The tail of the Hampton Park lynx

A 1924 photo of the Devlin front window, a few years after the lynx was seen there. Photo PA-023123 courtesy of Library and Archives Canada. 

By Dave Allston

For a brief period a century ago, excitement—and probably a little bit of fear—gripped Westboro on the discovery of a wild animal that had strayed from its usual habitat. 

Who can forget the moose that wandered onto the 417 eastbound by Pinecrest in 2018 or the “sleepy” 150-pound black bear cub that was found on Denbury Avenue in 2006? 

A similar story from the early days of Westboro tells of the almost unbelievable arrival of a surprise visitor to the neighbourhood. 

On an early Sunday morning in May 1919, three local teenage boys “out for a morning ramble in the bush” came across a large lynx perched in a tall tree in Hampton Park. 

Of course, lynx cats have never been prevalent in the Ottawa Valley, and any sightings over time have been extremely rare. The lynx is a solitary cat that typically sticks to the remote northern boreal forest within Canada.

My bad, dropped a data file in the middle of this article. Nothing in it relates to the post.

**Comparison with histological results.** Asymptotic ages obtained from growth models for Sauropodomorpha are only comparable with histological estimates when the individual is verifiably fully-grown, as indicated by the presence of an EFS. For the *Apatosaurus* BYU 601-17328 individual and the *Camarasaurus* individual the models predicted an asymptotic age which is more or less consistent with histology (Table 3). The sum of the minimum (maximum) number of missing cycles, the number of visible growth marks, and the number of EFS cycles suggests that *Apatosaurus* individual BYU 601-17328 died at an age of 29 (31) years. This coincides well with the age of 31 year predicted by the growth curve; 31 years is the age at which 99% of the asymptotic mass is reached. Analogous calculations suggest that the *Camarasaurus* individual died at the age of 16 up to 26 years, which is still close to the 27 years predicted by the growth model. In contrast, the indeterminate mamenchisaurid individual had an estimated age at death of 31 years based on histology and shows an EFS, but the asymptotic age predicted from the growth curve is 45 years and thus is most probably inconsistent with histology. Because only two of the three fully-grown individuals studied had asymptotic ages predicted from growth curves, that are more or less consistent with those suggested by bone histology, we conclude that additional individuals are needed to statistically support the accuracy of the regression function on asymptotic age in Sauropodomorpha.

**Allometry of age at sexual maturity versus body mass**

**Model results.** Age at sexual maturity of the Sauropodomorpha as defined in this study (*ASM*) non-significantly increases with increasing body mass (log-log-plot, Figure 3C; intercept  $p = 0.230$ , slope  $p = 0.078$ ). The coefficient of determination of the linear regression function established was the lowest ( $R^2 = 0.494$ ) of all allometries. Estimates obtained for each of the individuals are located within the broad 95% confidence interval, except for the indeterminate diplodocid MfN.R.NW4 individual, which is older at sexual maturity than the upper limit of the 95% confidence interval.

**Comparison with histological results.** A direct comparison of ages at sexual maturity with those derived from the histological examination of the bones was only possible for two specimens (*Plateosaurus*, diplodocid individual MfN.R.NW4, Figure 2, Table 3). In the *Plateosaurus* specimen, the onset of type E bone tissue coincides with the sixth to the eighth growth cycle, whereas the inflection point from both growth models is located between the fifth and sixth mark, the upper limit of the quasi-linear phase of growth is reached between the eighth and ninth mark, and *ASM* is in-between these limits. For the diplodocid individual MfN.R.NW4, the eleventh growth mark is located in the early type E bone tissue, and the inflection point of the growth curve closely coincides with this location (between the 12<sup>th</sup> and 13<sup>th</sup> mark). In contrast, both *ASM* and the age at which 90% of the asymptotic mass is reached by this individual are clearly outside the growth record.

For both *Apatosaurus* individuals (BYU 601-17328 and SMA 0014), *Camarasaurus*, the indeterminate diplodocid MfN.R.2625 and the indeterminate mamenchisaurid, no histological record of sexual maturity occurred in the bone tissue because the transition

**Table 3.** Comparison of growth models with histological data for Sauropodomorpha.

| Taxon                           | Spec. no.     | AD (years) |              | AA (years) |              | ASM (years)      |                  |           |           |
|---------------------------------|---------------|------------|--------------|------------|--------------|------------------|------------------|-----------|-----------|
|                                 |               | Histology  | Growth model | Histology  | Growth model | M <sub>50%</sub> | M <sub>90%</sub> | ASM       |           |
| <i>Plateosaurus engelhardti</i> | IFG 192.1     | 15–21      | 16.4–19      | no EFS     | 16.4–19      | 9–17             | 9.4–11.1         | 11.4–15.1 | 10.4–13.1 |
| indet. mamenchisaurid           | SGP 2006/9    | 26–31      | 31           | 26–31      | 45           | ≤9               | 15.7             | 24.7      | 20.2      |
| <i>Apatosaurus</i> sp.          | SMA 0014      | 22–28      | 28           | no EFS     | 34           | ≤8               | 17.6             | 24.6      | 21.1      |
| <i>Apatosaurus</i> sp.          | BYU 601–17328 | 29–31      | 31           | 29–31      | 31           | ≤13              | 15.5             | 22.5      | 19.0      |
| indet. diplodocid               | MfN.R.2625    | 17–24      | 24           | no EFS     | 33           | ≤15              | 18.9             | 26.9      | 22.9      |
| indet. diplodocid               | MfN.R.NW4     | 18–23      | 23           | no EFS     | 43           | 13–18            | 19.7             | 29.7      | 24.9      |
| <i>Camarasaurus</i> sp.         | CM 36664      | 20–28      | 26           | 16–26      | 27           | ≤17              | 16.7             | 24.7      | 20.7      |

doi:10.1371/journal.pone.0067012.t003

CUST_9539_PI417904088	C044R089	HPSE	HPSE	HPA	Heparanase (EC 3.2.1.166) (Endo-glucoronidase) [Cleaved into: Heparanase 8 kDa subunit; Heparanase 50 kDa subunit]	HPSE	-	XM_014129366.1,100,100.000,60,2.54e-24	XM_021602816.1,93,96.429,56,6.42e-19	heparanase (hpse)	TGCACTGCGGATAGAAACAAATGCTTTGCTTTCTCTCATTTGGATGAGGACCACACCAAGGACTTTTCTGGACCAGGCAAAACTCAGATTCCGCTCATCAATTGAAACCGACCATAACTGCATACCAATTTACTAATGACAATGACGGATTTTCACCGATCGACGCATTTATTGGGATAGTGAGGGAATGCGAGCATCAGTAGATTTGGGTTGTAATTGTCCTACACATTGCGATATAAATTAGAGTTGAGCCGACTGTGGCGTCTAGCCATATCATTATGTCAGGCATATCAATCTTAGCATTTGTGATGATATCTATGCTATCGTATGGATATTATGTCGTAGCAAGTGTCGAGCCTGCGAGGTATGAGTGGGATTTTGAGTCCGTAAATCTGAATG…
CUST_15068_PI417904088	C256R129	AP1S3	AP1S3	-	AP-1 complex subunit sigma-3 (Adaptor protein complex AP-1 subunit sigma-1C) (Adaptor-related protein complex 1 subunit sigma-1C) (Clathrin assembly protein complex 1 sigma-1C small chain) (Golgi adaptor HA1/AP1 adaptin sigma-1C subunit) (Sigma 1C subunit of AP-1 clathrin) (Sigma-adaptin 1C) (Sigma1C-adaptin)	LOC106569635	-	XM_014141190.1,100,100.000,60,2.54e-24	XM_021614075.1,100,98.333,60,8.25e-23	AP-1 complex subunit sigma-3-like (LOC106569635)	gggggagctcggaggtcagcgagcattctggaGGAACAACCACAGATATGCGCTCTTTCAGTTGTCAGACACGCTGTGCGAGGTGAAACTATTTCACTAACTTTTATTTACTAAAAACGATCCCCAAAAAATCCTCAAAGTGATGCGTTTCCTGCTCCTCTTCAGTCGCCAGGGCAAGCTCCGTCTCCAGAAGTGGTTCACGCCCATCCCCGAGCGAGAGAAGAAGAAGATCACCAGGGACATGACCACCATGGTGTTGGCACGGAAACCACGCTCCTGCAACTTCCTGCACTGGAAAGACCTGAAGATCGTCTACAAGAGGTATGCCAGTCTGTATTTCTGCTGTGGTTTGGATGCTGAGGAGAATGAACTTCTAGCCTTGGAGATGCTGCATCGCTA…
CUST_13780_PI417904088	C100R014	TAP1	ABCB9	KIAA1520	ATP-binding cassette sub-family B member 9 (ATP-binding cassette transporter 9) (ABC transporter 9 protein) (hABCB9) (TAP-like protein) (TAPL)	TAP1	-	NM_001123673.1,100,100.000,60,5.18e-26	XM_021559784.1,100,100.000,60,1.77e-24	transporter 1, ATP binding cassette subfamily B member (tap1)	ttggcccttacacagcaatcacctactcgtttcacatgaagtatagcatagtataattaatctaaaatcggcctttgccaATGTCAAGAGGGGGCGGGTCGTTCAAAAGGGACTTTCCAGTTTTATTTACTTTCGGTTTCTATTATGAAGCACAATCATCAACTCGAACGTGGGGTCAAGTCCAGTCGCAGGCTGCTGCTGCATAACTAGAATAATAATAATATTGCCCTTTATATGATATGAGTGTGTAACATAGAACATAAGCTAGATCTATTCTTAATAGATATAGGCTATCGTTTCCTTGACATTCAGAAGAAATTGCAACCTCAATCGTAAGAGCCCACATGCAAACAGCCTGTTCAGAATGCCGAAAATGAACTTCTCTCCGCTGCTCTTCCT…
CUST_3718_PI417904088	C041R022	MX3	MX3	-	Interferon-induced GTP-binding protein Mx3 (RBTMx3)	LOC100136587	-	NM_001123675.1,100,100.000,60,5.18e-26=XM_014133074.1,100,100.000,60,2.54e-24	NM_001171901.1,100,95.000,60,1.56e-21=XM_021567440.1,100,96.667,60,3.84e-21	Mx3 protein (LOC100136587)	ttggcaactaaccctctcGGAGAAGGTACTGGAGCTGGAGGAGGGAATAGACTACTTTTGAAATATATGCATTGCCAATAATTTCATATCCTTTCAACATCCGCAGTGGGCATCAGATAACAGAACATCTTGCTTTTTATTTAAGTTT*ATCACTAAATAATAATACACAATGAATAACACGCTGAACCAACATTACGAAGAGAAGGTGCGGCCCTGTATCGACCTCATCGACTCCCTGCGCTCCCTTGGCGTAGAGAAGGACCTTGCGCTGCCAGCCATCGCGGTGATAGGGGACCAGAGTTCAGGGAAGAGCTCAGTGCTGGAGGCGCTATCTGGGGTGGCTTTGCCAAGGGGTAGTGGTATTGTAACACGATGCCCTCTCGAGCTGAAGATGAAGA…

The two youngest boys, Billy Deans and Eugene Barry, were residents of Hilson Avenue, and were surely very familiar with the Hampton Park woods behind their houses. In 1919, the west end was still in transition from farmland and woodland to residential, and so vast swaths of the neighbourhood still featured thickly wooded areas. Early Hampton Park would have been one such area, its area nearly double its present-day size as it extended towards Fisher Park.

The pair were out for a walk with a friend (noted only in one article with the name ‘Stewart’) and were accompanied by a dog, who suddenly darted over to a tree and began barking excitedly. Billy and Eugene took a look up into the branches and were shocked to see a large lynx suspended on a bough. 

Amazingly, their first instinct wasn’t to run, nor was it to even leave it alone (as most people in their shoes would have done). No, their plan was to get the lynx out of the tree and capture it.